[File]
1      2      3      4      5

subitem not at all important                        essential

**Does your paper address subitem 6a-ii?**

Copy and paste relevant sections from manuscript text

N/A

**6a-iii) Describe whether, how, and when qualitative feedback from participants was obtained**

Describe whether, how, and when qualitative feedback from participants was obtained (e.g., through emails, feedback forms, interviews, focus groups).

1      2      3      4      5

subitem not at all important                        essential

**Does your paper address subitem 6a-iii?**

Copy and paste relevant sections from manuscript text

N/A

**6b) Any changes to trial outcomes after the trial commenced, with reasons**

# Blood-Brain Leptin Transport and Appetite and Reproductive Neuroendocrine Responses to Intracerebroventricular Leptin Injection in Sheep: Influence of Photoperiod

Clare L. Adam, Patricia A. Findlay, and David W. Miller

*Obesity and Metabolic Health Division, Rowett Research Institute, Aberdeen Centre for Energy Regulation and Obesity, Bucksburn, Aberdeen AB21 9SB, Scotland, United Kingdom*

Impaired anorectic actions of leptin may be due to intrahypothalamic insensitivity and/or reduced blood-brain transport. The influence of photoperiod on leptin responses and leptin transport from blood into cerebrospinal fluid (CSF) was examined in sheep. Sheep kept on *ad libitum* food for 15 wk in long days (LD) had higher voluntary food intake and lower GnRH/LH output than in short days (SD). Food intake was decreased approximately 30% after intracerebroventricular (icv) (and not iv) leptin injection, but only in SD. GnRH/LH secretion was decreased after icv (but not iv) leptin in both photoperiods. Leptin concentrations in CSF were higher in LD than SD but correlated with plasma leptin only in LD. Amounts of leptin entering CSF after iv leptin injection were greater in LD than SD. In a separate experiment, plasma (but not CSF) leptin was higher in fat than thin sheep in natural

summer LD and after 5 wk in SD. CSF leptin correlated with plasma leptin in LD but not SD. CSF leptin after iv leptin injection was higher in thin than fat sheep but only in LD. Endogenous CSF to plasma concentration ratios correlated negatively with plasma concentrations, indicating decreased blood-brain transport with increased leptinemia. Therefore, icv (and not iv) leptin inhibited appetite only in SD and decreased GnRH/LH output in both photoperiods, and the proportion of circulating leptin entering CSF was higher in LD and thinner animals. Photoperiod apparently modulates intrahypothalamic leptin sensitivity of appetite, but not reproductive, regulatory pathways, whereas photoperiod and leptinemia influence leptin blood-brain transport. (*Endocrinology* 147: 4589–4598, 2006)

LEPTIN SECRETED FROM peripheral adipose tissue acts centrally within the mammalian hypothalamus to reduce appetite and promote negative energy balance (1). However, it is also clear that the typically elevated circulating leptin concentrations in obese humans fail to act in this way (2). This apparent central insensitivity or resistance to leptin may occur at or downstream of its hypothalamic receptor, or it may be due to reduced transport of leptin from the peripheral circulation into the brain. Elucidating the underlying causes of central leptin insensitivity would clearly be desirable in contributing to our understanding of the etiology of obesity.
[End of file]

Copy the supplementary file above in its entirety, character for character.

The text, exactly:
1      2      3      4      5

subitem not at all important                        essential

**Does your paper address subitem 6a-ii?**

Copy and paste relevant sections from manuscript text

N/A

**6a-iii) Describe whether, how, and when qualitative feedback from participants was obtained**

Describe whether, how, and when qualitative feedback from participants was obtained (e.g., through emails, feedback forms, interviews, focus groups).

1      2      3      4      5

subitem not at all important                        essential

**Does your paper address subitem 6a-iii?**

Copy and paste relevant sections from manuscript text

N/A

**6b) Any changes to trial outcomes after the trial commenced, with reasons**

# Blood-Brain Leptin Transport and Appetite and Reproductive Neuroendocrine Responses to Intracerebroventricular Leptin Injection in Sheep: Influence of Photoperiod

Clare L. Adam, Patricia A. Findlay, and David W. Miller

*Obesity and Metabolic Health Division, Rowett Research Institute, Aberdeen Centre for Energy Regulation and Obesity, Bucksburn, Aberdeen AB21 9SB, Scotland, United Kingdom*

Impaired anorectic actions of leptin may be due to intrahypothalamic insensitivity and/or reduced blood-brain transport. The influence of photoperiod on leptin responses and leptin transport from blood into cerebrospinal fluid (CSF) was examined in sheep. Sheep kept on *ad libitum* food for 15 wk in long days (LD) had higher voluntary food intake and lower GnRH/LH output than in short days (SD). Food intake was decreased approximately 30% after intracerebroventricular (icv) (and not iv) leptin injection, but only in SD. GnRH/LH secretion was decreased after icv (but not iv) leptin in both photoperiods. Leptin concentrations in CSF were higher in LD than SD but correlated with plasma leptin only in LD. Amounts of leptin entering CSF after iv leptin injection were greater in LD than SD. In a separate experiment, plasma (but not CSF) leptin was higher in fat than thin sheep in natural

summer LD and after 5 wk in SD. CSF leptin correlated with plasma leptin in LD but not SD. CSF leptin after iv leptin injection was higher in thin than fat sheep but only in LD. Endogenous CSF to plasma concentration ratios correlated negatively with plasma concentrations, indicating decreased blood-brain transport with increased leptinemia. Therefore, icv (and not iv) leptin inhibited appetite only in SD and decreased GnRH/LH output in both photoperiods, and the proportion of circulating leptin entering CSF was higher in LD and thinner animals. Photoperiod apparently modulates intrahypothalamic leptin sensitivity of appetite, but not reproductive, regulatory pathways, whereas photoperiod and leptinemia influence leptin blood-brain transport. (*Endocrinology* 147: 4589–4598, 2006)

LEPTIN SECRETED FROM peripheral adipose tissue acts centrally within the mammalian hypothalamus to reduce appetite and promote negative energy balance (1). However, it is also clear that the typically elevated circulating leptin concentrations in obese humans fail to act in this way (2). This apparent central insensitivity or resistance to leptin may occur at or downstream of its hypothalamic receptor, or it may be due to reduced transport of leptin from the peripheral circulation into the brain. Elucidating the underlying causes of central leptin insensitivity would clearly be desirable in contributing to our understanding of the etiology of obesity.